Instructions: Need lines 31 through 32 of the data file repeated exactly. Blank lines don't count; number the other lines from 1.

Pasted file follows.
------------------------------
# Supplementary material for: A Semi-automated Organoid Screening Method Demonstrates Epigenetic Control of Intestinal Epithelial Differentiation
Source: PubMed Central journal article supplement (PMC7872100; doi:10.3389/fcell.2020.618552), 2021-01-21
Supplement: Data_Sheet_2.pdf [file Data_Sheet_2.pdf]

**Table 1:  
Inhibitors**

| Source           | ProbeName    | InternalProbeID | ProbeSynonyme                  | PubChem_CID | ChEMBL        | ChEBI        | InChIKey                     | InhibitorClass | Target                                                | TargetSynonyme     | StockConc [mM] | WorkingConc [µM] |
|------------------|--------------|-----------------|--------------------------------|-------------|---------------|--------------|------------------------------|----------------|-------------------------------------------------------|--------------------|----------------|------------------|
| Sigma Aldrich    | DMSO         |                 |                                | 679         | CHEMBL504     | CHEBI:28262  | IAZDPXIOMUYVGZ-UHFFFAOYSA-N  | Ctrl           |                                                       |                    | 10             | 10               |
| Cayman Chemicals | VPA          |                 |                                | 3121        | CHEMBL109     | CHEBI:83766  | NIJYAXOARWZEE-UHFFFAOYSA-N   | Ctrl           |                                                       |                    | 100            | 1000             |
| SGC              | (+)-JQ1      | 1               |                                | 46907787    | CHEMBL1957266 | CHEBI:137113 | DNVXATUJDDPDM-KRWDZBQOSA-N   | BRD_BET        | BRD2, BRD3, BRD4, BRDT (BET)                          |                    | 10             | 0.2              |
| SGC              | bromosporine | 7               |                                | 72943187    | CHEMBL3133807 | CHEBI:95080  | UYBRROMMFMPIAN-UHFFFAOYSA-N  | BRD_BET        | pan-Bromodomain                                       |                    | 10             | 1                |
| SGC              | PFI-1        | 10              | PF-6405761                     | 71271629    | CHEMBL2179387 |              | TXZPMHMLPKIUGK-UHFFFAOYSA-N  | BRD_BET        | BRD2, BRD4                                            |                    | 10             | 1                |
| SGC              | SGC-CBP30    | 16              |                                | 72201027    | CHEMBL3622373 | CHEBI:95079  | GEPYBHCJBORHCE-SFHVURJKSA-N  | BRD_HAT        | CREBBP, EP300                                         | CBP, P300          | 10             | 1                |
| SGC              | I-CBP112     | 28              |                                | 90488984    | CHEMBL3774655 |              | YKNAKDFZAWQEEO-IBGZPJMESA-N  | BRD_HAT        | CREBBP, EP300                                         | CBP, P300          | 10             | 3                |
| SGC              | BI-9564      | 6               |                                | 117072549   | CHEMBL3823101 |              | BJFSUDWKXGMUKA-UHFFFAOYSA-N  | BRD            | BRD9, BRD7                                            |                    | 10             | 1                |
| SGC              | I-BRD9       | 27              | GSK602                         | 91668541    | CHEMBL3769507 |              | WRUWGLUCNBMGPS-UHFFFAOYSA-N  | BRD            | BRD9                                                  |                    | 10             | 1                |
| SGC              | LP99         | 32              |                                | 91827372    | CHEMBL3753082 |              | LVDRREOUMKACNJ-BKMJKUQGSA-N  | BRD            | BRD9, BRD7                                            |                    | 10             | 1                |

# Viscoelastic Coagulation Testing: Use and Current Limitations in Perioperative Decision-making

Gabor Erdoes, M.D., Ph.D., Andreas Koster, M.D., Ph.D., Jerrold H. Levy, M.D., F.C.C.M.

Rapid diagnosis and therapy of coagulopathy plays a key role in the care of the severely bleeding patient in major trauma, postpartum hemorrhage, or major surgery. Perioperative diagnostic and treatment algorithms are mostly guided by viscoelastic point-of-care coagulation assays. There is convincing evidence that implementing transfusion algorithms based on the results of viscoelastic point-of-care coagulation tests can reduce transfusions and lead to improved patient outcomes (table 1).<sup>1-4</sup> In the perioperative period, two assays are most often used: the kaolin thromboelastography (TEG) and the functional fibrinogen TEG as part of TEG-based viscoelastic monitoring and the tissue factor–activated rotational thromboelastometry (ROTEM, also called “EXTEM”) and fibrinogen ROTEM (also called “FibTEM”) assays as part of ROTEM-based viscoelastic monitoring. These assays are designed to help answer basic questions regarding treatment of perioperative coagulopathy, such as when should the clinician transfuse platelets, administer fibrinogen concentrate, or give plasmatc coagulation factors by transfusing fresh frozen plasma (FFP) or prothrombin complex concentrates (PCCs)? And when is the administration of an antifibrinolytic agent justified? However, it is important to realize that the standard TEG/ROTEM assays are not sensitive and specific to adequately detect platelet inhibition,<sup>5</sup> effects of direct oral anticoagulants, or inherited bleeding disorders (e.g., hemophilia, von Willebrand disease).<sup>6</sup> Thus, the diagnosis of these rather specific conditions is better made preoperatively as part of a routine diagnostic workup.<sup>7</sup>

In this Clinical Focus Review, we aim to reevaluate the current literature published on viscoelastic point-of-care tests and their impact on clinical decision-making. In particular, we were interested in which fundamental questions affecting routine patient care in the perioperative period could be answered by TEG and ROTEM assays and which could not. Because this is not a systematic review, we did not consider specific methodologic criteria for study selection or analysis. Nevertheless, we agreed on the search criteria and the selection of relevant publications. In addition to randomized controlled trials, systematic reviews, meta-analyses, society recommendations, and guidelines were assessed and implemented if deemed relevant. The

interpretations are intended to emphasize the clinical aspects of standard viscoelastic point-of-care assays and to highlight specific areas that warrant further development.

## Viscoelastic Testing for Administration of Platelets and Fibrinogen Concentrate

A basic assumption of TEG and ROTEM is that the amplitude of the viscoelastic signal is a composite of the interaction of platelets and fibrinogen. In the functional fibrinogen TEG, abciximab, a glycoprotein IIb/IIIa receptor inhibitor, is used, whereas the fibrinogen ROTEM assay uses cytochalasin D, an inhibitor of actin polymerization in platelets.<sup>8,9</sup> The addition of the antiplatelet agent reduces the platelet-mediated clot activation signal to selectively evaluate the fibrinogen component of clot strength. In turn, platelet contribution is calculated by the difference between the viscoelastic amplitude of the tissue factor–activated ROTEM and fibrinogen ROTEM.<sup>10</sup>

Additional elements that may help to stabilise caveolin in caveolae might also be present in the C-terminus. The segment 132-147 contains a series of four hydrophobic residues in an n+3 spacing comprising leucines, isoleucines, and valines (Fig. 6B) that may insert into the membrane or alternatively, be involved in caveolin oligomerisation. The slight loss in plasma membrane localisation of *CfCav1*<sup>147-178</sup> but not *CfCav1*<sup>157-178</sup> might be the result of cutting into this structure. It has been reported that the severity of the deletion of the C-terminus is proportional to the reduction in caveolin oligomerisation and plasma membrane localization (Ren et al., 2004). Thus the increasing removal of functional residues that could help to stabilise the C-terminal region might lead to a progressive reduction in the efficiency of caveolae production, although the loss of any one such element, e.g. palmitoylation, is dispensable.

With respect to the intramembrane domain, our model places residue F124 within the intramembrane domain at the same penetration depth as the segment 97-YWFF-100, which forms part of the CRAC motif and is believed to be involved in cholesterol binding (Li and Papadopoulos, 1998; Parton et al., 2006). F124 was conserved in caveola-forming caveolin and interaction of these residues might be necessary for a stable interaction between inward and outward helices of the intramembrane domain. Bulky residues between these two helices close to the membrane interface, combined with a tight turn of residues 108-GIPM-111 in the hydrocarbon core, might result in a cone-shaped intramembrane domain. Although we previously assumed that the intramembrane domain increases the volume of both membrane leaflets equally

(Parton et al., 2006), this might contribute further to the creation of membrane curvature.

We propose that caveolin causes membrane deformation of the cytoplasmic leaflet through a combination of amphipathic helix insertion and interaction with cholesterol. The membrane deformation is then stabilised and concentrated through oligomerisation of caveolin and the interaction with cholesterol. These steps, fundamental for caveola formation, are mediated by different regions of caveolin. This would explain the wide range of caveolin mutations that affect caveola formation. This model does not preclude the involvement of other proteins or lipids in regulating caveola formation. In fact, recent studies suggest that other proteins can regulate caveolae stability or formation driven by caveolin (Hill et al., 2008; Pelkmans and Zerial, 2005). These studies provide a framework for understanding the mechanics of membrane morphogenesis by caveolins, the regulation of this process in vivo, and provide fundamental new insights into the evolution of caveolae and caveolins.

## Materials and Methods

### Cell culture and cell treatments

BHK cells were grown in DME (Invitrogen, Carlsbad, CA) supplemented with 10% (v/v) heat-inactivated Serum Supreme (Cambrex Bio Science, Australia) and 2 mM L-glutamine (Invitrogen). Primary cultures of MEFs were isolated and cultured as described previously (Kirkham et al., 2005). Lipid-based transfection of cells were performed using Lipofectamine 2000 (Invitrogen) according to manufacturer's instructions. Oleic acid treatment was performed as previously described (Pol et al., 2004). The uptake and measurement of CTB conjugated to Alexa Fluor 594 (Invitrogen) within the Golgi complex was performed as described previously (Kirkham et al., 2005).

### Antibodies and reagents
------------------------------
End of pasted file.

BHK cells were grown in DME (Invitrogen, Carlsbad, CA) supplemented with 10% (v/v) heat-inactivated Serum Supreme (Cambrex Bio Science, Australia) and 2 mM L-glutamine (Invitrogen). Primary cultures of MEFs were isolated and cultured as described previously (Kirkham et al., 2005). Lipid-based transfection of cells were performed using Lipofectamine 2000 (Invitrogen) according to manufacturer's instructions. Oleic acid treatment was performed as previously described (Pol et al., 2004). The uptake and measurement of CTB conjugated to Alexa Fluor 594 (Invitrogen) within the Golgi complex was performed as described previously (Kirkham et al., 2005).

### Antibodies and reagents